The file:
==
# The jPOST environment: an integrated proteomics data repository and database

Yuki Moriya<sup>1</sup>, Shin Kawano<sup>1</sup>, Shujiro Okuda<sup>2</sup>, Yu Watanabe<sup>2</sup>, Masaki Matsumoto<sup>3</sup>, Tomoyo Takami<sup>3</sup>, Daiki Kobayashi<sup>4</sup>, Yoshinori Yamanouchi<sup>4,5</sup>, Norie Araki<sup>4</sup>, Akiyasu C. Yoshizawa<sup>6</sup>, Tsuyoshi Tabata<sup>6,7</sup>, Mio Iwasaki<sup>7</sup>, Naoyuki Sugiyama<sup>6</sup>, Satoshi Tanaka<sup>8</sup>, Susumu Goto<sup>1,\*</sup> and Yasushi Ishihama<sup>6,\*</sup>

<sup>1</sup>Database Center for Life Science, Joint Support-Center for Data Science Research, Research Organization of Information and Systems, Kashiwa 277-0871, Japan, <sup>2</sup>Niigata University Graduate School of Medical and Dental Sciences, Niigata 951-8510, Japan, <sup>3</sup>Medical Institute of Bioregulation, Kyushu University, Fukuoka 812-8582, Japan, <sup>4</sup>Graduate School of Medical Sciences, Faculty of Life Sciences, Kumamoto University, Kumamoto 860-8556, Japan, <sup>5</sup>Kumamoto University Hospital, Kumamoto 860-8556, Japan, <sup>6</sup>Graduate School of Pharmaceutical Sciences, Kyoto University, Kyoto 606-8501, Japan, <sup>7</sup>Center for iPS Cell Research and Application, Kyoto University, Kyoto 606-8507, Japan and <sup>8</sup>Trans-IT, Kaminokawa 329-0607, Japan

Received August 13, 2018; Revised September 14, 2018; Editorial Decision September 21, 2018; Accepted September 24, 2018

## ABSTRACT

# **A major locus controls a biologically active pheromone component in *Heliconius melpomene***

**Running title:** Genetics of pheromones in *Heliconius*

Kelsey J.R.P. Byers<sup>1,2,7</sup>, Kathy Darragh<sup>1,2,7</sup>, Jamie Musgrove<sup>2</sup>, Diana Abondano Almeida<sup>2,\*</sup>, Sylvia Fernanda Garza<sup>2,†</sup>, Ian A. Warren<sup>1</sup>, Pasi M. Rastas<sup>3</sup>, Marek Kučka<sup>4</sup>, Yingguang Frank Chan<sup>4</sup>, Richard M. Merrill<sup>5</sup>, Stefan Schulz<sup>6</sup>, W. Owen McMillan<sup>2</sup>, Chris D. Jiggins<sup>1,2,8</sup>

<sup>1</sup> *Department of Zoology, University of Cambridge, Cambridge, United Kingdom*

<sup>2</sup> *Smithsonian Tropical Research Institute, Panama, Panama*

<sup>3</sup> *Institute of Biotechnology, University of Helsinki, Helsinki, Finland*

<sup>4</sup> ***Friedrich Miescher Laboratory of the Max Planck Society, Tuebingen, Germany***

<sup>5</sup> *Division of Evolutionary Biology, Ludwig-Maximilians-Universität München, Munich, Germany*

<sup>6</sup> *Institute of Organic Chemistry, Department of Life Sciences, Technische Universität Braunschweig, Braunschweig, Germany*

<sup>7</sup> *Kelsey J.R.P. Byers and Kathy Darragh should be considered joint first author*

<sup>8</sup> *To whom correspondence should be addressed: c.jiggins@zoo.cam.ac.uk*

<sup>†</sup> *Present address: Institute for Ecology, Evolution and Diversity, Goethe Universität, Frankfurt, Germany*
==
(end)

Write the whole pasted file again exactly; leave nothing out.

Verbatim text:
# The jPOST environment: an integrated proteomics data repository and database

Yuki Moriya<sup>1</sup>, Shin Kawano<sup>1</sup>, Shujiro Okuda<sup>2</sup>, Yu Watanabe<sup>2</sup>, Masaki Matsumoto<sup>3</sup>, Tomoyo Takami<sup>3</sup>, Daiki Kobayashi<sup>4</sup>, Yoshinori Yamanouchi<sup>4,5</sup>, Norie Araki<sup>4</sup>, Akiyasu C. Yoshizawa<sup>6</sup>, Tsuyoshi Tabata<sup>6,7</sup>, Mio Iwasaki<sup>7</sup>, Naoyuki Sugiyama<sup>6</sup>, Satoshi Tanaka<sup>8</sup>, Susumu Goto<sup>1,\*</sup> and Yasushi Ishihama<sup>6,\*</sup>

<sup>1</sup>Database Center for Life Science, Joint Support-Center for Data Science Research, Research Organization of Information and Systems, Kashiwa 277-0871, Japan, <sup>2</sup>Niigata University Graduate School of Medical and Dental Sciences, Niigata 951-8510, Japan, <sup>3</sup>Medical Institute of Bioregulation, Kyushu University, Fukuoka 812-8582, Japan, <sup>4</sup>Graduate School of Medical Sciences, Faculty of Life Sciences, Kumamoto University, Kumamoto 860-8556, Japan, <sup>5</sup>Kumamoto University Hospital, Kumamoto 860-8556, Japan, <sup>6</sup>Graduate School of Pharmaceutical Sciences, Kyoto University, Kyoto 606-8501, Japan, <sup>7</sup>Center for iPS Cell Research and Application, Kyoto University, Kyoto 606-8507, Japan and <sup>8</sup>Trans-IT, Kaminokawa 329-0607, Japan

Received August 13, 2018; Revised September 14, 2018; Editorial Decision September 21, 2018; Accepted September 24, 2018

## ABSTRACT

# **A major locus controls a biologically active pheromone component in *Heliconius melpomene***

**Running title:** Genetics of pheromones in *Heliconius*

Kelsey J.R.P. Byers<sup>1,2,7</sup>, Kathy Darragh<sup>1,2,7</sup>, Jamie Musgrove<sup>2</sup>, Diana Abondano Almeida<sup>2,\*</sup>, Sylvia Fernanda Garza<sup>2,†</sup>, Ian A. Warren<sup>1</sup>, Pasi M. Rastas<sup>3</sup>, Marek Kučka<sup>4</sup>, Yingguang Frank Chan<sup>4</sup>, Richard M. Merrill<sup>5</sup>, Stefan Schulz<sup>6</sup>, W. Owen McMillan<sup>2</sup>, Chris D. Jiggins<sup>1,2,8</sup>

<sup>1</sup> *Department of Zoology, University of Cambridge, Cambridge, United Kingdom*

<sup>2</sup> *Smithsonian Tropical Research Institute, Panama, Panama*

<sup>3</sup> *Institute of Biotechnology, University of Helsinki, Helsinki, Finland*

<sup>4</sup> ***Friedrich Miescher Laboratory of the Max Planck Society, Tuebingen, Germany***

<sup>5</sup> *Division of Evolutionary Biology, Ludwig-Maximilians-Universität München, Munich, Germany*

<sup>6</sup> *Institute of Organic Chemistry, Department of Life Sciences, Technische Universität Braunschweig, Braunschweig, Germany*

<sup>7</sup> *Kelsey J.R.P. Byers and Kathy Darragh should be considered joint first author*

<sup>8</sup> *To whom correspondence should be addressed: c.jiggins@zoo.cam.ac.uk*

<sup>†</sup> *Present address: Institute for Ecology, Evolution and Diversity, Goethe Universität, Frankfurt, Germany*